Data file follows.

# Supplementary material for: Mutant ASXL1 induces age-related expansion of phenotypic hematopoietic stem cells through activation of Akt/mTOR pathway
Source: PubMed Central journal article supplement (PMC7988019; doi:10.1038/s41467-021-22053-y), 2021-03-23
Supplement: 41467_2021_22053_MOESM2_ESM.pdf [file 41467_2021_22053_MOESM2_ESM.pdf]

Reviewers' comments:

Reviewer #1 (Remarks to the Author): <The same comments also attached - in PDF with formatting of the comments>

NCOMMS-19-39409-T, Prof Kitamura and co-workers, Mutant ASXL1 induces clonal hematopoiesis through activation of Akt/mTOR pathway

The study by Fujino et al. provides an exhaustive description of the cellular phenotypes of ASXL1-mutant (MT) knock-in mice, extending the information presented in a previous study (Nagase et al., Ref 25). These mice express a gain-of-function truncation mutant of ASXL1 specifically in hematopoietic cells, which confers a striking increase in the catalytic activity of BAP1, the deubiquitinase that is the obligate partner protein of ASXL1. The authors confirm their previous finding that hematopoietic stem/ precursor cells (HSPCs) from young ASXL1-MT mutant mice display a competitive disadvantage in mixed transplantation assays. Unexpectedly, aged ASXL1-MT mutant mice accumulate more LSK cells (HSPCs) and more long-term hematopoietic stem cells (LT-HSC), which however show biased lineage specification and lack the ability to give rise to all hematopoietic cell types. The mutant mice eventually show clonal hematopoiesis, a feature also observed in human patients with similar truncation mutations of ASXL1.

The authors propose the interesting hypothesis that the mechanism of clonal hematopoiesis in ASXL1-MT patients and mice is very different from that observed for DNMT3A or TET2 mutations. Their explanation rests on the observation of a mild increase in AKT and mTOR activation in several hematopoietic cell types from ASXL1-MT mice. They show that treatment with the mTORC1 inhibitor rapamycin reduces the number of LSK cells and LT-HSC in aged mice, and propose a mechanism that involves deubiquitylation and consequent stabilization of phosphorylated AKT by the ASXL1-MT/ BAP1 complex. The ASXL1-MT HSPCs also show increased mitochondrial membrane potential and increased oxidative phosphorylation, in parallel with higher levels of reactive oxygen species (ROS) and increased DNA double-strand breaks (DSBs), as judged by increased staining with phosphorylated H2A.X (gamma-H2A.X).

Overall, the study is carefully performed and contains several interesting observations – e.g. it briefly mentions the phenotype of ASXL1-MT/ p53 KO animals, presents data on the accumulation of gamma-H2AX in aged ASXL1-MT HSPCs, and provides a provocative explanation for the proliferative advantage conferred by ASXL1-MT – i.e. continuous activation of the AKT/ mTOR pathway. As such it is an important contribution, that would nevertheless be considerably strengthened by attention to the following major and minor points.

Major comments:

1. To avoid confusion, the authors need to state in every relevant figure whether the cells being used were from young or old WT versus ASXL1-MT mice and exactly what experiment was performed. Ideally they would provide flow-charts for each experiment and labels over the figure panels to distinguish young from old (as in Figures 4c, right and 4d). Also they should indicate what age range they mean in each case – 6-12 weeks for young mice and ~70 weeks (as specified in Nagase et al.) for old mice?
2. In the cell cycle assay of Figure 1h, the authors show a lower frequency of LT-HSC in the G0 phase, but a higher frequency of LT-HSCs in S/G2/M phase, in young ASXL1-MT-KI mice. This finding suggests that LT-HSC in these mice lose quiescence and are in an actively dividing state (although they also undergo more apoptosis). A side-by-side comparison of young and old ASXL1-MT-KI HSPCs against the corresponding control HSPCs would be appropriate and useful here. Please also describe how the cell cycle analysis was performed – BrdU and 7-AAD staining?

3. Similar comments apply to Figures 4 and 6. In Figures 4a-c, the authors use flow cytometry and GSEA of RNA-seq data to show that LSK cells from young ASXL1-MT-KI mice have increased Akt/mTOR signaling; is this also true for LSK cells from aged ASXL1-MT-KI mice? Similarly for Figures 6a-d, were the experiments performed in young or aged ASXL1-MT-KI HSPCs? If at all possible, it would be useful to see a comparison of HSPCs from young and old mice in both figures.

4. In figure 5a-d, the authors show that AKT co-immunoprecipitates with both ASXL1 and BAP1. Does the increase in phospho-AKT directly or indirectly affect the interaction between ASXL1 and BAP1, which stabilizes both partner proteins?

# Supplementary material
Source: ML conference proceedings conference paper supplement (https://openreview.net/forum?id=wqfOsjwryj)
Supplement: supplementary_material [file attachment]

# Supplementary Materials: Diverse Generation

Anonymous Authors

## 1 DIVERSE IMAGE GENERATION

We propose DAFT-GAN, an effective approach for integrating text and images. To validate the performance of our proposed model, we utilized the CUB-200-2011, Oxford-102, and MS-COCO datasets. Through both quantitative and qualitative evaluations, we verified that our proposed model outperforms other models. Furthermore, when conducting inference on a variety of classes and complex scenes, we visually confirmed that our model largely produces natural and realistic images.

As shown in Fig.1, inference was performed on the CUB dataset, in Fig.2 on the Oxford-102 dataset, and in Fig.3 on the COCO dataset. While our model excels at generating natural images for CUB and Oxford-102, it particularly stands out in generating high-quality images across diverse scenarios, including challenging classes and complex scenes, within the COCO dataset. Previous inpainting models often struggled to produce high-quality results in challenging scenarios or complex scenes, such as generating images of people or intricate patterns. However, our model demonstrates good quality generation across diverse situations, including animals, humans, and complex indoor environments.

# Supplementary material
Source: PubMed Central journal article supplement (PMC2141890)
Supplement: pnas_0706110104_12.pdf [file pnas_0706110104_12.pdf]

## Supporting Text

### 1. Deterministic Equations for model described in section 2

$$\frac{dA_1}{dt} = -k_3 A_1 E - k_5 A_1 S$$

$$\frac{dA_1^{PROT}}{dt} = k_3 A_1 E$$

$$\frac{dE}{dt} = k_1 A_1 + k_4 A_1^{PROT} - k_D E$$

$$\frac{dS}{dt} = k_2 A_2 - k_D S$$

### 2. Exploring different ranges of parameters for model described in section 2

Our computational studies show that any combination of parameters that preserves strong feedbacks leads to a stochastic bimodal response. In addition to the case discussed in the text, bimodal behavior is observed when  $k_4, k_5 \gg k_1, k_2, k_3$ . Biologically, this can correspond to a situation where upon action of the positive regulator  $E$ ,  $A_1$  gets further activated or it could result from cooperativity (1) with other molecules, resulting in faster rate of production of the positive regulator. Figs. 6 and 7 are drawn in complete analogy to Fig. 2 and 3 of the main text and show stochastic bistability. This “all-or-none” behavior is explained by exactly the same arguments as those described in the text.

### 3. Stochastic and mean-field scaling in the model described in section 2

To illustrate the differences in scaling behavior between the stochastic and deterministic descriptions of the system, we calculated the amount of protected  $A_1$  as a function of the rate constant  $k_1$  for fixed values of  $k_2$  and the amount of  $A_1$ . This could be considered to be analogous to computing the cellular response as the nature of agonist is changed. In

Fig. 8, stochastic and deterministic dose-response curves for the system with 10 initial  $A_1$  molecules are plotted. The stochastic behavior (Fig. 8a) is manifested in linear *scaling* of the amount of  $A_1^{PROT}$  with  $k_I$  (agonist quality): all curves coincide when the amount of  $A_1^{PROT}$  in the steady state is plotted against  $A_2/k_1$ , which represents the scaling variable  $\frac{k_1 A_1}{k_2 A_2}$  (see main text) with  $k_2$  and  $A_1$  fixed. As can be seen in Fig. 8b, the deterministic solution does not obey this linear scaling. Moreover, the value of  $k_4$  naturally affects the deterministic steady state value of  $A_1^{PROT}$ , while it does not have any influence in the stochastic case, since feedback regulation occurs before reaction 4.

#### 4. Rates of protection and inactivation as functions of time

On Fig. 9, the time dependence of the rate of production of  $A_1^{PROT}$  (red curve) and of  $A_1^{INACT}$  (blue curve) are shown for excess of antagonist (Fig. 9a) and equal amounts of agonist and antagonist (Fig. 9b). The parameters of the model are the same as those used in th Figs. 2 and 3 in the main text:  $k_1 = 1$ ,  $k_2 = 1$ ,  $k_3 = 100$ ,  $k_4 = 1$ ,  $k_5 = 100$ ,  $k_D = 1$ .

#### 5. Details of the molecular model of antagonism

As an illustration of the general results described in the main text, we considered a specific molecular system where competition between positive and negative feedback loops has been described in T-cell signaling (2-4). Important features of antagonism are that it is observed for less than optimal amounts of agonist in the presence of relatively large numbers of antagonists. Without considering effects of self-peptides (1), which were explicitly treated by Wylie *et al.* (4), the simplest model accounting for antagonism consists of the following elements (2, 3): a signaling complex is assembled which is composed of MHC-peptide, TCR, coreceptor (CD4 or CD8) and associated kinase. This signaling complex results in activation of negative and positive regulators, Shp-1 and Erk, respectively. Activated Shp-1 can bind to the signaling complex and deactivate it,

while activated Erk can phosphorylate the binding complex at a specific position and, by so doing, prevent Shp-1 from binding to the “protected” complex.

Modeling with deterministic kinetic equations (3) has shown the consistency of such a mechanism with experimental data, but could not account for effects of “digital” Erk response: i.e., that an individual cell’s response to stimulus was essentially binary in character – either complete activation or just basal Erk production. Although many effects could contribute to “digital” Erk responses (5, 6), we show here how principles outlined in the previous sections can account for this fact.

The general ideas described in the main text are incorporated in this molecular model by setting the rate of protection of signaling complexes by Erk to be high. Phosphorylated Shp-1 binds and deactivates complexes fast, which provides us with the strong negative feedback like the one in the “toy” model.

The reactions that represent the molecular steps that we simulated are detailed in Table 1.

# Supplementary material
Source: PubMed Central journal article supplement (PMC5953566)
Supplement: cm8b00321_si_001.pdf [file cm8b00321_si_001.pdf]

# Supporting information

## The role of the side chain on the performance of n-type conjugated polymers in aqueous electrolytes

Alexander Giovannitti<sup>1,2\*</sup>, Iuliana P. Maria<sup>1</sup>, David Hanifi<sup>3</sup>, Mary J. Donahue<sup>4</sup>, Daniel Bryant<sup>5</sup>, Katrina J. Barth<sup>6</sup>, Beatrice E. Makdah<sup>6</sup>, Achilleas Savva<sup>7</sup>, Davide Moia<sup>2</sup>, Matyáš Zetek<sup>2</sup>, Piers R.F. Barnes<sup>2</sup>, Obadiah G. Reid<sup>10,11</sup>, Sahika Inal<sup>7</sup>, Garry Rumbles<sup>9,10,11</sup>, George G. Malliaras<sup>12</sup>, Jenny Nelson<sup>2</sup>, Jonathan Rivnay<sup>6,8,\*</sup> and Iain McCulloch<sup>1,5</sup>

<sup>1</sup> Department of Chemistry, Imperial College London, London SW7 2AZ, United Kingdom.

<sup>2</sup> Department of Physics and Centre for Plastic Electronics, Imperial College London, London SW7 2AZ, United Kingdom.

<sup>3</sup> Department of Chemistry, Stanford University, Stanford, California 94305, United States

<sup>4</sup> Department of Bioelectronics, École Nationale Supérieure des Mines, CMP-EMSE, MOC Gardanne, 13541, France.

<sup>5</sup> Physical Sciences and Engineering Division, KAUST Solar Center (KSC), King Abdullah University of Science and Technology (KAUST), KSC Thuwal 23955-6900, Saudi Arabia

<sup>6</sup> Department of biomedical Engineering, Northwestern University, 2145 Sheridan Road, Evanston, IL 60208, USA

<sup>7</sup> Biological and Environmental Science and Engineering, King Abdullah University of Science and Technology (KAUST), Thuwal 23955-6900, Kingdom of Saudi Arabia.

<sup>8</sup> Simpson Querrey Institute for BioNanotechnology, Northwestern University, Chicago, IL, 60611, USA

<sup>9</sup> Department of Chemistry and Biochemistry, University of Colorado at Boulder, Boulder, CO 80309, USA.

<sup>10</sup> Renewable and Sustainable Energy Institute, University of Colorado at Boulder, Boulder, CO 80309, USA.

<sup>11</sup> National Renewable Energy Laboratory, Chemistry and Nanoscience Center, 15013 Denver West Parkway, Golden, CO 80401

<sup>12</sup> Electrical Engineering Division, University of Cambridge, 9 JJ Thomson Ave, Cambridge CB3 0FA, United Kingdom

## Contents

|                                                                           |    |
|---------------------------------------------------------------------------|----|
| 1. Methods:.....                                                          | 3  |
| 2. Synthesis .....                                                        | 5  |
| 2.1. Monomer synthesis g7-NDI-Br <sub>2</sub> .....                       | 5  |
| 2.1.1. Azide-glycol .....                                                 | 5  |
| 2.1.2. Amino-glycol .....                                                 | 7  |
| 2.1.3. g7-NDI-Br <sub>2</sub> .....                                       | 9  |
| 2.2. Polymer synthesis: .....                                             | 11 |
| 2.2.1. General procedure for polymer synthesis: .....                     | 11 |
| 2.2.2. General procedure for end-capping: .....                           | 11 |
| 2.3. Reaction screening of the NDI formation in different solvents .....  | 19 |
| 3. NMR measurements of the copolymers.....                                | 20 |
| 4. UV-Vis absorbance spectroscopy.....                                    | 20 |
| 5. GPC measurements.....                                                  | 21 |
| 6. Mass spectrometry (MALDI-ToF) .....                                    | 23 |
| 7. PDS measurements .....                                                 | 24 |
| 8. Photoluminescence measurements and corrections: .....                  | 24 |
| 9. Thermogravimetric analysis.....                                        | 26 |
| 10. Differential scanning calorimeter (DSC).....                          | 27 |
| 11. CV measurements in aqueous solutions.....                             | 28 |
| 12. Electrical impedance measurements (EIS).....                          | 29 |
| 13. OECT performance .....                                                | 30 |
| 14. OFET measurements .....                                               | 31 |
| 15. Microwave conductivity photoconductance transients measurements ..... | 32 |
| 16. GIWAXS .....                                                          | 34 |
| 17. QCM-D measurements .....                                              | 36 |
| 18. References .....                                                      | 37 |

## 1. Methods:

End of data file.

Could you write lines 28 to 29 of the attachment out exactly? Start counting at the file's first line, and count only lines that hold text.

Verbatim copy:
$$\frac{dA_1}{dt} = -k_3 A_1 E - k_5 A_1 S$$

$$\frac{dA_1^{PROT}}{dt} = k_3 A_1 E$$